Now that the Target CEO and CIO have resigned, and the Institutional Shareholder Services (ISS) is calling for 7 of the 10 members of the Target Board of Directors to be removed, it is time to look at where the security of our organizations can be improved to reduce the probability of such an attack on our systems.  It is unclear whether the executive resignations and the call for action against the Board members was the direct result of the security breach, or whether it was because of the disappointing financial results (which of course was somewhat linked to the breach) , but certainly the data breach played a big part.

Let me start out by admitting that I am an IBM z/OS mainframe guy, so I will be speaking mainly to the mainframe community about issues faced by it, although I will be using information from various other attacks.

It appears that the Target Board invested a great deal of money into the company’s IT security.  What did they miss?  How much should they have known about this?  We can never assume that a CEO or Board of Directors will know enough of the technical details to be able to direct the technical portions of the company to increase their security on anything but a very general level.

This is where outside expertise comes in.  If the Target Board had retained the correct external IT Auditors or Security Experts, they might have received recommendations about partitioning the environment, so that there would have been no way for an external heating and air conditioning contractor to be able to access Point of Sale systems data. They might also have received recommendations to implement two factor authentication for their contractors, so it would have been more difficult for the hacker to obtain and use the HVAC contractor’s identity, and to review the security incident response process so that any such attack might have been addressed more quickly.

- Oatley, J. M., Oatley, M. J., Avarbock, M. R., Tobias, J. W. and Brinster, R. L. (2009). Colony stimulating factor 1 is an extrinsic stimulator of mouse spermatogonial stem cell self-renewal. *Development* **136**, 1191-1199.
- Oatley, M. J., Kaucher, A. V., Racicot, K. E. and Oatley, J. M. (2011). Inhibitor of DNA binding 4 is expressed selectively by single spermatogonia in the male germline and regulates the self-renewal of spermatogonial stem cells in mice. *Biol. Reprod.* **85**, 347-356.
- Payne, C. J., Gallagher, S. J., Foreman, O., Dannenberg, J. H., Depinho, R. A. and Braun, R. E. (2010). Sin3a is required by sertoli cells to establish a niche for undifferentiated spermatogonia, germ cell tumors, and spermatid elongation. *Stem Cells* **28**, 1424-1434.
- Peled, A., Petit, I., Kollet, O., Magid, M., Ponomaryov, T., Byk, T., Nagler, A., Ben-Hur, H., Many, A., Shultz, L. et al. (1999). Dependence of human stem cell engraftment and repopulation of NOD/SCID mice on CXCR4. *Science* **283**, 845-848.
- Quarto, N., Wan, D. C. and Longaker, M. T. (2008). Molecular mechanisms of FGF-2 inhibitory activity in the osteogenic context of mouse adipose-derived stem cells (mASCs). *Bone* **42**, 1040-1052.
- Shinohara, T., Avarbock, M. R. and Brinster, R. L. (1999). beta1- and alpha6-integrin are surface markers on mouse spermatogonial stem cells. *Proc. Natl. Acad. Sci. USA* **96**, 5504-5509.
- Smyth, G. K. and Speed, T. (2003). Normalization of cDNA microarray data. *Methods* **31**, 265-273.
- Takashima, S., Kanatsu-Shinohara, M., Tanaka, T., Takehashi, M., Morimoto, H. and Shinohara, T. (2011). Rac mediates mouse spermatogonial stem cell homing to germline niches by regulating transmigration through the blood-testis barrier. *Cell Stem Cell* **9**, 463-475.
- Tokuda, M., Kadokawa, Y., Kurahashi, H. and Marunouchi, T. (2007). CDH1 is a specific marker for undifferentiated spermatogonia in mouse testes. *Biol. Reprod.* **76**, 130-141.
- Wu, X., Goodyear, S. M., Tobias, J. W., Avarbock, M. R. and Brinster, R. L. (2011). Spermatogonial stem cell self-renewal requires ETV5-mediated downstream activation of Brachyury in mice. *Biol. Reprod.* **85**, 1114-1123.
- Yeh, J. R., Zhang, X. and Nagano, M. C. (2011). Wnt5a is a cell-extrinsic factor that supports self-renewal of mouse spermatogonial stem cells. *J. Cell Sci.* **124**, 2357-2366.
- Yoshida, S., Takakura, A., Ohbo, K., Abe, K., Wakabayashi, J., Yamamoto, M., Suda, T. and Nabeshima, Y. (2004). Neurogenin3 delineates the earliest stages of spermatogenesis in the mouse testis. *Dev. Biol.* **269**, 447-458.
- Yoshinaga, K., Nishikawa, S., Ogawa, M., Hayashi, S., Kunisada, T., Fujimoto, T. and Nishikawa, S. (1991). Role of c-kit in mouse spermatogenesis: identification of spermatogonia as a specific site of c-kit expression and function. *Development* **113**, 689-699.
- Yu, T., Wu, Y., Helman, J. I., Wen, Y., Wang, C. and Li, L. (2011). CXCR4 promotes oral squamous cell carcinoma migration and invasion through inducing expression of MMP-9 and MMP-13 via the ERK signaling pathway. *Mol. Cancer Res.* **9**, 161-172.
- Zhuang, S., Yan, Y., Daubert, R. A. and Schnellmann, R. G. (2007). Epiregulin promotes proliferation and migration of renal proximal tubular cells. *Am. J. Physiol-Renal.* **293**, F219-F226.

Although I will be speaking in this column on External Reviews, I do not mean to disparage internal reviews by Internal Auditors.   Internal Auditors will locate a portion of the issues that need to be addressed, and the more experienced they are in various environments, which is the case for very large organizations with multiple datacenters, the more issues they will identify.  The key to external auditors or external review specialists is that they have seen and analyzed dozens of complex environments, and will more completely identify issues that need to be addressed.

From the reports I’ve read, the Target Board did authorize a significant amount of money to be invested into the security of their systems.  Did they insist that external security reviews be conducted?  I don’t have the answer to that question.

The other thing that is necessary is an Executive Management directive that security is everyone’s responsibility, and that no one will be punished or reprimanded for highlighting a potential security exposure.  For example, there is a long discussion on the RACF List, entitled “Rant”, which talks about whose responsibility the security of mainframe systems is.  It is not just the security staff’s.  It is everyone’s.  The discussion clarifies the situation that the security staff cannot know all the ins-and-outs of the applications or systems, and need the help and active assistance of the systems programmers and other supporting individuals as to how maximize the security for each of these individual areas.

A few years ago I was doing consulting and mainframe security reviews, and two security reviews I did stand out in my mind.  One was for a well-known US Government Agency and the other was for a large Wall Street organization.

In both cases the systems programming staff placed their convenience over the security of their mainframe systems.  In one case the users of the development system (LPAR) had free reign in reading and updating data and libraries on the production system (another LPAR), because the production volumes were shared with the development system and the separate development system security database allowed access.

In the other case a “Get Me Into Authorized State SVC” was installed, which allowed a normal problem state program to gain control in an authorized state.  Once in an authorized state a user could change his/her identity and manipulate control blocks to gain access any data they wanted to.  By the way, the first thing both organizations did when I started my review was to issue me an RSA token so I could be validated with two-factor identification.

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